Rock Salt vs Sea Salt: What’s the Difference?
“Rock Salt vs Sea Salt: What’s the Difference?” was written by Irene Mejía & edited/reviewed by Aly Bouzek, MS, RDN. Irene is a dietetic intern at Larkin University.
You may have gone to the grocery store and seen dozens of types of salts with different names, colors, and shapes.
Some of these salts include rock salt and sea salt. But have you wondered what’s the actual difference between these two types of salts? For instance, is one healthier than the other?
In this article we will cover:
- What is salt?
- Sodium and our health
- Where do salts come from?
- Rock Salt vs Sea Salt
- Is one salt healthier than others?
- How can I use salts in cooking?
- Salt alternatives
Let’s dive in!
As we will cover in the following sections, each type of salt has a slightly different composition. But overall, salts are made mostly of a molecule called sodium chloride.
As you can see from the name, it means that it is made of two things, sodium and chloride, which are a type of electrolytes your body needs to work correctly. In fact, salt is about 40% sodium and 60% chloride. (1)
You may have heard how we should limit our salt intake because of the effects if we consume too much. Why? And, if salt is made of two electrolytes (sodium and chloride), then why do we only focus on the sodium part?
Let’s find out below!
Sodium and chloride work together to maintain adequate fluid levels on the outside of our cells and to help control our blood pressure.
However, changes in sodium concentrations are linked to disorders of water balance, such as hypotension or hypertension, (2) and many other side-effects.
Therefore, in the following sections we may use the words “salt” and “sodium” interchangeably, but keep in mind that salt is made of both sodium and chloride!
Salt is necessary for our bodies to function correctly. Some of its roles include: (1)
- Maintain fluid balance
- Transmit nerve impulses
- Contract and relax muscles (like our heart)
Our bodies actually require a small amount of sodium each day to work right. However, eating too much sodium can lead to: (1)
- Increased blood pressure
- Higher risk of heart attack, stroke, and other cardiovascular conditions
- Loss of calcium (which can sometimes be taken away from our bones)
Most adults in the United States exceed their recommended daily limit of sodium.
The 2020-2025 Dietary Guidelines for Americans recommends a sodium limit of 2,300 milligrams (mg) per day (for those 14 years and older). (3)
But the average dietary sodium intake for those 14 years and older is currently more than 3,390 mg per day.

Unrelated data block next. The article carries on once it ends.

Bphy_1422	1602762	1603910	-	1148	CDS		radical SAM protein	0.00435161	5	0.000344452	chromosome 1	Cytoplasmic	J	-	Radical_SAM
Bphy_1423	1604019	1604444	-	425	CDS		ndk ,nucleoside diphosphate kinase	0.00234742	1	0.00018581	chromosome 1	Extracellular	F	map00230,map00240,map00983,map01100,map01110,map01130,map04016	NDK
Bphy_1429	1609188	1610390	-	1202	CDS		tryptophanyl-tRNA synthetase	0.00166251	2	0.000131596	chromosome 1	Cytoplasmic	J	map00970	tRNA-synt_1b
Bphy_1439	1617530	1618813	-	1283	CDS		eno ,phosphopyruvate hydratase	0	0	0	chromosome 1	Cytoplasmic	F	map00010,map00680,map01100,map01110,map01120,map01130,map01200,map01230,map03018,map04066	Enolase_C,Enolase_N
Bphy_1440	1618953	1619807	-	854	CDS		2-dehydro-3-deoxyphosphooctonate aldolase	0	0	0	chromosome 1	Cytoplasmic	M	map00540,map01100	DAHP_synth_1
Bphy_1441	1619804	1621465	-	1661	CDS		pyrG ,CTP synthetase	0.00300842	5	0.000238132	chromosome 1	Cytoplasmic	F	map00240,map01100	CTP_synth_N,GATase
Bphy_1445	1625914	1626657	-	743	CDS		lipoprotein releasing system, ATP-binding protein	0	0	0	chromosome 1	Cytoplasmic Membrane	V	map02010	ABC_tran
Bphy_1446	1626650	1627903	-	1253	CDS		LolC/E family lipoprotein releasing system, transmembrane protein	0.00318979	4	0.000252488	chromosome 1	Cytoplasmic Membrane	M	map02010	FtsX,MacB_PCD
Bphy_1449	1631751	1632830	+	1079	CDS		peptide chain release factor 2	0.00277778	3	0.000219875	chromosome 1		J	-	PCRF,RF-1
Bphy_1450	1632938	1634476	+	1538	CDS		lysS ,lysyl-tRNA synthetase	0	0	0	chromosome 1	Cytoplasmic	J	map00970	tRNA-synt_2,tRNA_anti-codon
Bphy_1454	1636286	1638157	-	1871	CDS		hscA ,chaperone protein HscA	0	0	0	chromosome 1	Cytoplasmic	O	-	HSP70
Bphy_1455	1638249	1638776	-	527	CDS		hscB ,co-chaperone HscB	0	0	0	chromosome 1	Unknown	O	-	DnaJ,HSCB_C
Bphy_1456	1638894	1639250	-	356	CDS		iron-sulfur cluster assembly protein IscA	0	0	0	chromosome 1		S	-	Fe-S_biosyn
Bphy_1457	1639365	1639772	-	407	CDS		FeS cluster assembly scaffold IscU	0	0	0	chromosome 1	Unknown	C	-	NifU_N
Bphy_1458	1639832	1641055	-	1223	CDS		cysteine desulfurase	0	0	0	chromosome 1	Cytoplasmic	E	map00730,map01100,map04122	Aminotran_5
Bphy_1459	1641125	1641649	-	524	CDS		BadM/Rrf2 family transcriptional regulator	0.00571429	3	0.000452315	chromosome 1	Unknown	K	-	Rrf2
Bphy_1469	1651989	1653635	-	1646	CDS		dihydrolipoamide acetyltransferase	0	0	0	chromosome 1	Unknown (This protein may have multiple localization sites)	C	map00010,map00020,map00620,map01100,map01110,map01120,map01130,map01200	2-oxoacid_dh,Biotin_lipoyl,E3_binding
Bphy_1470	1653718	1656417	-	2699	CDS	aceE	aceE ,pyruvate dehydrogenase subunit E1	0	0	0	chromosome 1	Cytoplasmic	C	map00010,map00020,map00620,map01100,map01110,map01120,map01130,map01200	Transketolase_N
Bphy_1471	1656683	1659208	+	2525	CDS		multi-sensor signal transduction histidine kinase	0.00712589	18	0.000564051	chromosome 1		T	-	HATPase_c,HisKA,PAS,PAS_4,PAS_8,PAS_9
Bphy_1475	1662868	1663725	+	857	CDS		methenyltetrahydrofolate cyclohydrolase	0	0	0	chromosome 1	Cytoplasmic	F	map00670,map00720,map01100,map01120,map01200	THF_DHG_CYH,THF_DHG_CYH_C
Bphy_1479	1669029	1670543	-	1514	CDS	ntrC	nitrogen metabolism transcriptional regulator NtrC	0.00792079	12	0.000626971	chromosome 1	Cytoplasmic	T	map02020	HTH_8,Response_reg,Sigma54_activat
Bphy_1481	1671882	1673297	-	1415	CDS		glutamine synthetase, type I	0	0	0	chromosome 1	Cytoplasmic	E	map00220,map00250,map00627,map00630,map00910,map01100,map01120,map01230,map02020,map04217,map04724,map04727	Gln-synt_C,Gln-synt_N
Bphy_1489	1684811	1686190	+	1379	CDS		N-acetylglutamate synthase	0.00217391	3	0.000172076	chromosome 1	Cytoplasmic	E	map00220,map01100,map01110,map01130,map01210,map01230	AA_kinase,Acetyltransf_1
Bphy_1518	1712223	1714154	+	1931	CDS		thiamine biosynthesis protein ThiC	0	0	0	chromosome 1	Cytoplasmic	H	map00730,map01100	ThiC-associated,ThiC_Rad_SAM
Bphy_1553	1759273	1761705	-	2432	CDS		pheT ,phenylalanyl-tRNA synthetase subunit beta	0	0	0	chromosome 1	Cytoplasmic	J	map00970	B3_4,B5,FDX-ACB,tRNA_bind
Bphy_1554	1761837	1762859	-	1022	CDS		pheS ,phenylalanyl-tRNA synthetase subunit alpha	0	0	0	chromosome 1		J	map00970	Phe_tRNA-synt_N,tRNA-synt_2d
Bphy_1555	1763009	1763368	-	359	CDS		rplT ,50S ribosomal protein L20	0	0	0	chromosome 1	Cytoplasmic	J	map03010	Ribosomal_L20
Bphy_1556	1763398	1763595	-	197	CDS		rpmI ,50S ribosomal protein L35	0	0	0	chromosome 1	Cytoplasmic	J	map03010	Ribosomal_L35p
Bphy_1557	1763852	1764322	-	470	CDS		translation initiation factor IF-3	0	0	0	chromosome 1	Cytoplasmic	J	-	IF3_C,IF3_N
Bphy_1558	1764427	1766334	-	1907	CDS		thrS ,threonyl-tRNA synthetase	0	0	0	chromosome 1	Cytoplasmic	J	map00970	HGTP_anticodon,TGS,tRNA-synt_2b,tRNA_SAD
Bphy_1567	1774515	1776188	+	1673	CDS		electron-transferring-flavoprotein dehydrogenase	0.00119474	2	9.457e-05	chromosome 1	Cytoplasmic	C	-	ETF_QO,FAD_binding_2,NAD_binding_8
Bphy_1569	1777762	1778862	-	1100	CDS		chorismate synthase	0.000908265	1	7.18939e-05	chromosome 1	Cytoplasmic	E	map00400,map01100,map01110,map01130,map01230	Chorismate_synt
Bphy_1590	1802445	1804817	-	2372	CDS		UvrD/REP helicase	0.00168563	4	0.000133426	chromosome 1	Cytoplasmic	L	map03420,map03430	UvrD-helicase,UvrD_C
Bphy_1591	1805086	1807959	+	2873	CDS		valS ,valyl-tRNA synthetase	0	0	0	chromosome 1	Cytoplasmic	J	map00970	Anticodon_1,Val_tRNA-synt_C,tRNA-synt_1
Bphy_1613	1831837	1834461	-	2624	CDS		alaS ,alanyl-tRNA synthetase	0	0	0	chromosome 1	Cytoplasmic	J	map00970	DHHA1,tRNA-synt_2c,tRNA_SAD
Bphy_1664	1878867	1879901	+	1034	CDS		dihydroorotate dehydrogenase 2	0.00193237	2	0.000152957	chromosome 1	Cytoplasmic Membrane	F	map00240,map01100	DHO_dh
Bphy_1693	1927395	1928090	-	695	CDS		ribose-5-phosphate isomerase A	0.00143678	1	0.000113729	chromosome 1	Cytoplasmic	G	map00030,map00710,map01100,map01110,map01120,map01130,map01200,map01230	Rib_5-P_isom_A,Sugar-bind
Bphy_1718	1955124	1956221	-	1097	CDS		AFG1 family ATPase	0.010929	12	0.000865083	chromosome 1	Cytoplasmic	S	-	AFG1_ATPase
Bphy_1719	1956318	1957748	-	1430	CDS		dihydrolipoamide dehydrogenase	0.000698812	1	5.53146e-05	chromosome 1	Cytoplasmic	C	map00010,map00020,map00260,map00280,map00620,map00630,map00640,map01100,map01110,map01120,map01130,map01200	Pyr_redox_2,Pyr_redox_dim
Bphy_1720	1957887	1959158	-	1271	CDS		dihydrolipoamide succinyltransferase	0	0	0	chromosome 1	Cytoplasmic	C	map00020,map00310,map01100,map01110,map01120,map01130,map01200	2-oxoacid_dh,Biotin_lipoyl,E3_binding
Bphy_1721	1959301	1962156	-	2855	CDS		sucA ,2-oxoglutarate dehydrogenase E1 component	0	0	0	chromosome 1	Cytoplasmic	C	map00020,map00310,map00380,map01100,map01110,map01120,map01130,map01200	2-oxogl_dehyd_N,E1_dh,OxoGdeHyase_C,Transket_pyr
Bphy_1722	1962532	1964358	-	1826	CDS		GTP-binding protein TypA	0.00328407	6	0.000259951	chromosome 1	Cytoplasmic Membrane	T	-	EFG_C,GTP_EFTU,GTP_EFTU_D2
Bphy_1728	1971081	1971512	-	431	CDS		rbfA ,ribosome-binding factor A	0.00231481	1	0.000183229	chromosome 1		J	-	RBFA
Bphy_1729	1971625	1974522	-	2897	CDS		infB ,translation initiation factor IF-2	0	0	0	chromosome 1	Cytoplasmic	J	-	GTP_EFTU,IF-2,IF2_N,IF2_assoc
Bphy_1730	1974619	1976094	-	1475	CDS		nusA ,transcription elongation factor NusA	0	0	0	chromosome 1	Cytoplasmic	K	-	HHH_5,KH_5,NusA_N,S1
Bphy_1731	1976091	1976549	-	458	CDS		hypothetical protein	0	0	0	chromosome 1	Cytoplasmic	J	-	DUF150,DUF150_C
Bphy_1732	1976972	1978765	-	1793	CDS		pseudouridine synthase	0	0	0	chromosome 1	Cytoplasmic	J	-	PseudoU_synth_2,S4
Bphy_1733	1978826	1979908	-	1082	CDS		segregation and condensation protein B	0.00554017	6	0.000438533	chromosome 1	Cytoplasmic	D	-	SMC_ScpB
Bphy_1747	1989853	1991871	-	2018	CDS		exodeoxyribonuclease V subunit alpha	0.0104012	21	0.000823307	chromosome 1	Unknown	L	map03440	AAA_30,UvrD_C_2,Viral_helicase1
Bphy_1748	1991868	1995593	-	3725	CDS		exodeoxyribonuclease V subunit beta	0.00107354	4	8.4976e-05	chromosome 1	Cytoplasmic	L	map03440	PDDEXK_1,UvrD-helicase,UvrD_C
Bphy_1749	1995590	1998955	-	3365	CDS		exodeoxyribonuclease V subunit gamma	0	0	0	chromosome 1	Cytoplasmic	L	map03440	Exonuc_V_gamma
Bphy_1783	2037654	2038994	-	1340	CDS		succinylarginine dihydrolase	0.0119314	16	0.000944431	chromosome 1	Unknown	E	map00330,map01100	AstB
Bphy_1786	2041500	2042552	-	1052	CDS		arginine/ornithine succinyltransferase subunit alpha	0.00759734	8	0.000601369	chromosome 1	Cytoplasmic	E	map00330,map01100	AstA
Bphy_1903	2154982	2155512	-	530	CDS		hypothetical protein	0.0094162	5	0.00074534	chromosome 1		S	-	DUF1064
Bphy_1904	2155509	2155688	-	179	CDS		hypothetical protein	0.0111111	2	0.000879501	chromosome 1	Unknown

Limiting the amount of salt, you add to your foods is indeed a great alternative to limit your sodium intake, but most of the sodium we consume actually comes from sources besides our food!
In fact, only a small amount of dietary sodium is added during cooking and at the table. About 70% of the sodium comes from the meals at restaurants, processed foods, and prepackaged foods. (4)
Sodium is added to these foods to:
- Boost flavor
- Improve look and texture
- Preserve freshness
So, while limiting how much salt you add to your food is recommended, also keep an eye on the rest of the foods you buy at the store or that you eat at restaurants!
Now that we covered the basics about salt, let’s discuss ACTUAL differences between rock salt and sea salt.
Where do Sea Salt and Rock Salt Come From?
As the name suggests, sea salt comes from seawater. Harvesters create artificial “ponds” made of seawater, usually near the ocean, but they can also be near salty lakes or springs. (5)
These ponds are usually in warm climates that don’t get a lot of rain but have high rates of evaporation. This allows the water to evaporate leaving sea salt behind. (5)
Meanwhile, rock salts are harvested from rock deposits that were formed by the evaporation of ancient seas millions of years ago. (6)
Rock salts can be mined directly or by adding a solvent such as water. This will dissolve the salt and it will become a solution. Then, the solution is evaporated, leaving the salt behind. (6)
There are many types of sea salts, and they vary depending on where they’re pulled from and how they’re evaporated.
There are two main methods that result in the following salts: (5)
- Fleur de sel (flower of salt): This salt is collected from the top of salt ponds. It’s white and flaky. It’s used to season foods right before you eat them.
- Sel gris (gray salt) or Celtic salt: This salt comes from the same ponds as fleur de sel but is harvested from the bottom of the ponds. The crystals are gray and look like cubes. It’s produced in greater quantities than fleur de sel.
However, there are specialty salts that have additional processes. Some specialty sea salts include: